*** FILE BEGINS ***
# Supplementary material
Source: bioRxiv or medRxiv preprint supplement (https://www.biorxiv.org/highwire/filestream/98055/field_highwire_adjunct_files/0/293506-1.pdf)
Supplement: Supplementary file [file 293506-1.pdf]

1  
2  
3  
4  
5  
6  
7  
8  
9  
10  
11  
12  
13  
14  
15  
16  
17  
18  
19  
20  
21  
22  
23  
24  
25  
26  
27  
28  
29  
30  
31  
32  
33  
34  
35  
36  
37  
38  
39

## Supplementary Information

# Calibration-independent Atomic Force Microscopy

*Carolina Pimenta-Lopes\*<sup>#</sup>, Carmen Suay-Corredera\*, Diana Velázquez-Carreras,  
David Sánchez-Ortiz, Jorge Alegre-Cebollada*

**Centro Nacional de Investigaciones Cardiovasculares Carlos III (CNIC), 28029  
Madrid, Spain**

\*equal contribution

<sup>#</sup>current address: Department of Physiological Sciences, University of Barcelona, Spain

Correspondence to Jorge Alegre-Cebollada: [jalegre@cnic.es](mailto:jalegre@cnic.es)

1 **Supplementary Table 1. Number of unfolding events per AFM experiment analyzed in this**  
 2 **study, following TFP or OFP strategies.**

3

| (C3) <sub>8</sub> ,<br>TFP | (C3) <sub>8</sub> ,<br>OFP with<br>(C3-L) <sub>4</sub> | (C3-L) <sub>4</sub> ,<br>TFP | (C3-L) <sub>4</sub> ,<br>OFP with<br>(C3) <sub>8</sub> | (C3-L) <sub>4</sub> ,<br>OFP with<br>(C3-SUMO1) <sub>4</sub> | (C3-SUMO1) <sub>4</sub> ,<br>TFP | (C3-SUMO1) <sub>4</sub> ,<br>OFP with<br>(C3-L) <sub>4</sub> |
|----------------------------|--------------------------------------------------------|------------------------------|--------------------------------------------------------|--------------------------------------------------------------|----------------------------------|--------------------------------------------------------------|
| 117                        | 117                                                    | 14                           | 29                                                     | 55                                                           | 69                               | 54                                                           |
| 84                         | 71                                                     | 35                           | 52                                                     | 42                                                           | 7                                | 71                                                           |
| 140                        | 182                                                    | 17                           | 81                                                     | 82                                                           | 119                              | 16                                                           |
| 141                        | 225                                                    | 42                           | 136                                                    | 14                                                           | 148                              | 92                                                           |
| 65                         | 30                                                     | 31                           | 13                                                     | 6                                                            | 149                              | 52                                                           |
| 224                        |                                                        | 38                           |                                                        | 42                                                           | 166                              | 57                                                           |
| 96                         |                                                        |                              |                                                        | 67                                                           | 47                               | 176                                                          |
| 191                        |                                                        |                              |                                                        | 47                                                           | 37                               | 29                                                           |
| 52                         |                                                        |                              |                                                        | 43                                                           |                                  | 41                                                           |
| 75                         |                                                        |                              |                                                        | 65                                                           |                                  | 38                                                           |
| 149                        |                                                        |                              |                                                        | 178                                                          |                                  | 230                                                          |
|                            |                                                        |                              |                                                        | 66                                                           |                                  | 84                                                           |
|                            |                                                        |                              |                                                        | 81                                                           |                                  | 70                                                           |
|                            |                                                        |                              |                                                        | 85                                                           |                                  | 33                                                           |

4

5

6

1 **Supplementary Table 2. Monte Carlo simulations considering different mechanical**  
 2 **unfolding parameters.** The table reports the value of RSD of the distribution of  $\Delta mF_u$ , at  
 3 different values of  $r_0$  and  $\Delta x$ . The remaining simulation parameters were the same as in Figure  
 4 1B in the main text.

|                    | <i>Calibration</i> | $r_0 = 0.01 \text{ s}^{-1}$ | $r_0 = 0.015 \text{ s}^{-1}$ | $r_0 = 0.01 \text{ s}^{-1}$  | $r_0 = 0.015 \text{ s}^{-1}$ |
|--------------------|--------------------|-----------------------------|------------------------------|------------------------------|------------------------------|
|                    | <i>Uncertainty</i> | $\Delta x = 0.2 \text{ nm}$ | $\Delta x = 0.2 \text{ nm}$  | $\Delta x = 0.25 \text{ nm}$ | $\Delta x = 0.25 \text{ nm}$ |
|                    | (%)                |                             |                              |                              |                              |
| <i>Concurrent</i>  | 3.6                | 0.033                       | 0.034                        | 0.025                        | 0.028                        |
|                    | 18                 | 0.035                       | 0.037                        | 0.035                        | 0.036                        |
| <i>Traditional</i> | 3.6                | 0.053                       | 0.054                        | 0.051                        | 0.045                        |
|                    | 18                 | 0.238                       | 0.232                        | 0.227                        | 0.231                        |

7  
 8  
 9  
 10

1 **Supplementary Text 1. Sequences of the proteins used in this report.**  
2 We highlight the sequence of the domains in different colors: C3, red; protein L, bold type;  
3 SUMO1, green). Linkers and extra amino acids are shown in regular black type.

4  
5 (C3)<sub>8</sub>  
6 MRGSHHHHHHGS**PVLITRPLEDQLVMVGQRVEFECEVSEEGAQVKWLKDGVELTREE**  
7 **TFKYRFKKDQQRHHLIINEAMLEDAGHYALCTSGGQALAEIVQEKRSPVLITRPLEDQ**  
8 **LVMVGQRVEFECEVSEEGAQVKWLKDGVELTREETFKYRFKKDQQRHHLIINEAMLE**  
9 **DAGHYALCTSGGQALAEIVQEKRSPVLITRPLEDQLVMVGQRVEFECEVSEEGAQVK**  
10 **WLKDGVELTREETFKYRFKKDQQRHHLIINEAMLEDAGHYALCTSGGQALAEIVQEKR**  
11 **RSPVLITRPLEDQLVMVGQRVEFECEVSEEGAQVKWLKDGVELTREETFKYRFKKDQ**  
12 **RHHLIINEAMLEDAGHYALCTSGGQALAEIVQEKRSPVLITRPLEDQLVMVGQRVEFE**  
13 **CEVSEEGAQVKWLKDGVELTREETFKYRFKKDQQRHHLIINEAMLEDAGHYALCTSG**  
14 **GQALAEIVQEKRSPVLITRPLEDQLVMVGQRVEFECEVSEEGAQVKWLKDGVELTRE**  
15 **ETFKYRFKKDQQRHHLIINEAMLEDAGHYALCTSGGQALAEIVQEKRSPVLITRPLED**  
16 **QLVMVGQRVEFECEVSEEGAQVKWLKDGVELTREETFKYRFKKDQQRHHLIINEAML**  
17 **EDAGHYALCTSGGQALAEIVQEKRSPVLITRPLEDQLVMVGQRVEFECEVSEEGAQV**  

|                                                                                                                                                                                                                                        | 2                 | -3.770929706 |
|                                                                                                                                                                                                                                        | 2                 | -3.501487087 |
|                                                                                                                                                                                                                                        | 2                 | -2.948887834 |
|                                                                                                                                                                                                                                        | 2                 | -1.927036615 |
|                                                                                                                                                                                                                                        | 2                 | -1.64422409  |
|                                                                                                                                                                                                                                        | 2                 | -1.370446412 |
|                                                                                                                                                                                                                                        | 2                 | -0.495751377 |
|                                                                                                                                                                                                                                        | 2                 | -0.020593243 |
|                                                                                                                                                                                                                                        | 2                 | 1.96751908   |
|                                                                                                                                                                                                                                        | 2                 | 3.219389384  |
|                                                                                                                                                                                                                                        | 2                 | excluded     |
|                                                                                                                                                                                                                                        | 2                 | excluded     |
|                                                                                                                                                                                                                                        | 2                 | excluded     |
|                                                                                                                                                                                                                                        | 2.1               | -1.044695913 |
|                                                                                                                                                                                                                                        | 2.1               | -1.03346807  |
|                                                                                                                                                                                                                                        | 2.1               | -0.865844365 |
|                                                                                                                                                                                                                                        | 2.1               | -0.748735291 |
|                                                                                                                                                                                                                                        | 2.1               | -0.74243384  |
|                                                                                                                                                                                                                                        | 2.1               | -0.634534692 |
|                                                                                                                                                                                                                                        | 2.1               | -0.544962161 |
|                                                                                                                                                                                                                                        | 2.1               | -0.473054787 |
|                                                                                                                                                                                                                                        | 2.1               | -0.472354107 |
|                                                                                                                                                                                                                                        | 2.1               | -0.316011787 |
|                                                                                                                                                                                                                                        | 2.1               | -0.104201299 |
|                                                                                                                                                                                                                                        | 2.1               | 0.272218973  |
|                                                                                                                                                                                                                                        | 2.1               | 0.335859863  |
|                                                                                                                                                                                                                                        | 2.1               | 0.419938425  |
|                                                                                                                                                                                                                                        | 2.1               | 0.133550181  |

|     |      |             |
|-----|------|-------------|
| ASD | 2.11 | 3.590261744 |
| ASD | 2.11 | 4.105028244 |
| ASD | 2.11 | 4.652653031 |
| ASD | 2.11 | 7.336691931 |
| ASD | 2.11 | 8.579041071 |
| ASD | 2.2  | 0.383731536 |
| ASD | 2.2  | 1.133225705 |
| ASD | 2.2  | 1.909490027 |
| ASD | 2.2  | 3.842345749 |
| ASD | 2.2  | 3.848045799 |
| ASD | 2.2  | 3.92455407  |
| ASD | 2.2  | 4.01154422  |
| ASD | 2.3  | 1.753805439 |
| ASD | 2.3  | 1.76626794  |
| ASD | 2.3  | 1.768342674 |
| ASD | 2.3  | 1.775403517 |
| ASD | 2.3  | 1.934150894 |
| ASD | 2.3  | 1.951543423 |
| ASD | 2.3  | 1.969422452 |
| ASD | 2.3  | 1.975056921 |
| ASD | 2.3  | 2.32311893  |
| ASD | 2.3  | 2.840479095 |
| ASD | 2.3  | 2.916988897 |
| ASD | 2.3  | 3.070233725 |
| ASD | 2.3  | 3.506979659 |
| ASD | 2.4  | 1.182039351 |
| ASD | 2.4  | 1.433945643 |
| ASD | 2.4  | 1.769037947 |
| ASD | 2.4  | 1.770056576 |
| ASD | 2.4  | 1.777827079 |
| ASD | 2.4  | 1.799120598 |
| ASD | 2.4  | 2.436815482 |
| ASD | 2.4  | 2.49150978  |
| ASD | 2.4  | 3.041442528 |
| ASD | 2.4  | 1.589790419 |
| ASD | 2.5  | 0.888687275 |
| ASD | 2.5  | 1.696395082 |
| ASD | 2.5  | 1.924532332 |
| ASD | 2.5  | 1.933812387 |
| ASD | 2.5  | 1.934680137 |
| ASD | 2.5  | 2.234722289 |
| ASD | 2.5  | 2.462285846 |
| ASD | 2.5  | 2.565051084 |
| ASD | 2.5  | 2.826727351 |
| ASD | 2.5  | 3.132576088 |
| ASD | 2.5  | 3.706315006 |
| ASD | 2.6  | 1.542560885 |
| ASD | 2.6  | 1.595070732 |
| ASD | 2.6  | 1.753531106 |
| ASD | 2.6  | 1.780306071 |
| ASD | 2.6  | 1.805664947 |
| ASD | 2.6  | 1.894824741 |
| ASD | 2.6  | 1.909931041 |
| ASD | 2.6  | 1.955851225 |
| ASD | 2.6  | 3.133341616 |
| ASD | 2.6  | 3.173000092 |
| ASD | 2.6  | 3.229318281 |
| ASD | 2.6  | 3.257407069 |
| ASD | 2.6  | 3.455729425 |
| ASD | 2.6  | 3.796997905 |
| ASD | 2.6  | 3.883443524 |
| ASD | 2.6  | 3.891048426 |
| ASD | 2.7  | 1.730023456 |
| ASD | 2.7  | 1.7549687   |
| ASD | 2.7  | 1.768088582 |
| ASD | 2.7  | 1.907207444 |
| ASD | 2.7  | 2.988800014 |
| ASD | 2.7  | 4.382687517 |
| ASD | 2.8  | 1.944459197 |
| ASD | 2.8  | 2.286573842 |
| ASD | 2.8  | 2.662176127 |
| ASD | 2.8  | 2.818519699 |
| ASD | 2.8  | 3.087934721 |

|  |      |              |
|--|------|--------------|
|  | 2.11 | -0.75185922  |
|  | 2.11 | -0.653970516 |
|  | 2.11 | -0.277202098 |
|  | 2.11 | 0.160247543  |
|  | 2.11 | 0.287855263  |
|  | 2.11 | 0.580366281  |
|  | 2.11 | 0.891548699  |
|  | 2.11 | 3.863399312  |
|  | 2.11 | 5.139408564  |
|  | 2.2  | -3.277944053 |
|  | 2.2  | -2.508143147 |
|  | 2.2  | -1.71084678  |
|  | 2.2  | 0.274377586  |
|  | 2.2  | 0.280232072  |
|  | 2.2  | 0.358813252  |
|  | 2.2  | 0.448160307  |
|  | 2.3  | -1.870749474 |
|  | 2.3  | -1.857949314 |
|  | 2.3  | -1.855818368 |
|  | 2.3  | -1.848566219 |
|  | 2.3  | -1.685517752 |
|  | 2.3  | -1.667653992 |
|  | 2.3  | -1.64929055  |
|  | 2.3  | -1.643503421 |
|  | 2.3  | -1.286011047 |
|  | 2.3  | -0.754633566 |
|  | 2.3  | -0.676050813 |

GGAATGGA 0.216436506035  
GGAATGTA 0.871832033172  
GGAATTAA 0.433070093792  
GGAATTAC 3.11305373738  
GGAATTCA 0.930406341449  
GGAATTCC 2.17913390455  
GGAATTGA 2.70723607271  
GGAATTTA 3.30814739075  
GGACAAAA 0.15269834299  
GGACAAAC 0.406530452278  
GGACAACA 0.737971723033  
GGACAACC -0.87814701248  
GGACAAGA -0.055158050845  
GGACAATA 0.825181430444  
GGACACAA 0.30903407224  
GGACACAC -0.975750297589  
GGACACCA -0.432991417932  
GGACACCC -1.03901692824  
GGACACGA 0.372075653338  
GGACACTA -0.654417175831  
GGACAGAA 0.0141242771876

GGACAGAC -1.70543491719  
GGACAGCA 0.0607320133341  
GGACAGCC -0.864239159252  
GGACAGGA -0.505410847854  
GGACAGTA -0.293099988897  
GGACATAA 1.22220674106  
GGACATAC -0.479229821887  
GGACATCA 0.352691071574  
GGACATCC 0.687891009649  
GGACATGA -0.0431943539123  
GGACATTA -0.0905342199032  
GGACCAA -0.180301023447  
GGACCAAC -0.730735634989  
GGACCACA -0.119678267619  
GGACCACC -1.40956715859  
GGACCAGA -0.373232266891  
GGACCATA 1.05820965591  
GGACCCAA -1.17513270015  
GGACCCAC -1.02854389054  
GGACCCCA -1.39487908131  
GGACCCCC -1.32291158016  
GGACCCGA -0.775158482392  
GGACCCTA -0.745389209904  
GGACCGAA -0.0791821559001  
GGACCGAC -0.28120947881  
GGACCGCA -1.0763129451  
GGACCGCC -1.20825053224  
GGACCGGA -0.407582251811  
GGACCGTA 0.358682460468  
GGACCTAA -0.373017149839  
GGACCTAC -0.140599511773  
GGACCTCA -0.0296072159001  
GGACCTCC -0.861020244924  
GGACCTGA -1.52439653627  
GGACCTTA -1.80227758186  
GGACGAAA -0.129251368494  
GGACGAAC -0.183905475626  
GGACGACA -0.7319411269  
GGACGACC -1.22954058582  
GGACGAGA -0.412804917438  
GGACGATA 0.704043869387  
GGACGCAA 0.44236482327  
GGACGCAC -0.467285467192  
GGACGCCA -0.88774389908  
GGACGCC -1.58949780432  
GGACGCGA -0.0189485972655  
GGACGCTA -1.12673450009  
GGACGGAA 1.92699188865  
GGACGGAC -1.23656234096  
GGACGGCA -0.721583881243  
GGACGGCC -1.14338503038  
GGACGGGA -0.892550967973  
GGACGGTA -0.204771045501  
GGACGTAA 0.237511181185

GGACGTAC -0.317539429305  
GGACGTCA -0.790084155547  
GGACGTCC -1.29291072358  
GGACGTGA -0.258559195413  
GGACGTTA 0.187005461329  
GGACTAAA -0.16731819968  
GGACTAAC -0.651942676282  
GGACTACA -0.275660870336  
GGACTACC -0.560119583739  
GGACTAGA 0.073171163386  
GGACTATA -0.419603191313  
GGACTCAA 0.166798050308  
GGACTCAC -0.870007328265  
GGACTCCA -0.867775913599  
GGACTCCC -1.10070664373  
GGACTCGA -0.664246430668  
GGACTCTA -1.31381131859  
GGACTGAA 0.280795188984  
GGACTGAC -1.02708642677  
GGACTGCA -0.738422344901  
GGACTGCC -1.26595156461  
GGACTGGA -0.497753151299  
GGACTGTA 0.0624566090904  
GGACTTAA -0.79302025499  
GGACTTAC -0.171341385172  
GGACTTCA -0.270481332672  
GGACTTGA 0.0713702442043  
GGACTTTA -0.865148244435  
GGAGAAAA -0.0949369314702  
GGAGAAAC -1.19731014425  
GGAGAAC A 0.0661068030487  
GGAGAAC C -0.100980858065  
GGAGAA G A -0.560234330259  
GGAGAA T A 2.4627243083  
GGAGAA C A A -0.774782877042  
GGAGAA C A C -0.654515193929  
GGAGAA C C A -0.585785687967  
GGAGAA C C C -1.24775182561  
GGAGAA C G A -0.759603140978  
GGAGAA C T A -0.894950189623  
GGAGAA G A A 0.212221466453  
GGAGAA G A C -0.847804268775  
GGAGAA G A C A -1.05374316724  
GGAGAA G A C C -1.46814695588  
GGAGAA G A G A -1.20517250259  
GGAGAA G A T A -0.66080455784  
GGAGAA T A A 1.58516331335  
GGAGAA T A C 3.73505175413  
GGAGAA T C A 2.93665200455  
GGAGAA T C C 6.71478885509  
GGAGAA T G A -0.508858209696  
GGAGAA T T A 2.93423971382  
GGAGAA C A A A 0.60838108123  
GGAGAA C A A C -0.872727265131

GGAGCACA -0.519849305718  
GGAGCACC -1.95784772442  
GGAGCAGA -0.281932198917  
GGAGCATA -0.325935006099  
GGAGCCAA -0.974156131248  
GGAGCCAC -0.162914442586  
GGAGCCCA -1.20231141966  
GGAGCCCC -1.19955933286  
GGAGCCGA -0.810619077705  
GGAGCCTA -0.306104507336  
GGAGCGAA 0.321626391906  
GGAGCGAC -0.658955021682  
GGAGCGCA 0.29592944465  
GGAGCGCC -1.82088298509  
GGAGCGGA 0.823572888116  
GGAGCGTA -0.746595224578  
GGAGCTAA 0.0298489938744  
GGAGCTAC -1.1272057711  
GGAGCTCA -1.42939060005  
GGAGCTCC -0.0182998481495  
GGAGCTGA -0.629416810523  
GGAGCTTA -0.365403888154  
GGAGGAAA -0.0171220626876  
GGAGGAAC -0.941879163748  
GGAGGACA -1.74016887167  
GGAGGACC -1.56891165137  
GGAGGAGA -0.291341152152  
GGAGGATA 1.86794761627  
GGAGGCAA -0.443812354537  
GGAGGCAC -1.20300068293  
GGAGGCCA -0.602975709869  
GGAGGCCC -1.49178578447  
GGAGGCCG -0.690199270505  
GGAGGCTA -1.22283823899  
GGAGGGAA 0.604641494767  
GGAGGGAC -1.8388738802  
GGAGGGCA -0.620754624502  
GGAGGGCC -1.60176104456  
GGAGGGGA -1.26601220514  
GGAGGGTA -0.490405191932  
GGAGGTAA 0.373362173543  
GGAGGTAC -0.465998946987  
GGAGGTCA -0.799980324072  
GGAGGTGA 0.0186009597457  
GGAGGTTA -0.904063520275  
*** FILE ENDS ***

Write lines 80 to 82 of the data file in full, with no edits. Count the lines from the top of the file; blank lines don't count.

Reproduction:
|                    | <i>Uncertainty</i> | $\Delta x = 0.2 \text{ nm}$ | $\Delta x = 0.2 \text{ nm}$  | $\Delta x = 0.25 \text{ nm}$ | $\Delta x = 0.25 \text{ nm}$ |
|                    | (%)                |                             |                              |                              |                              |
| <i>Concurrent</i>  | 3.6                | 0.033                       | 0.034                        | 0.025                        | 0.028                        |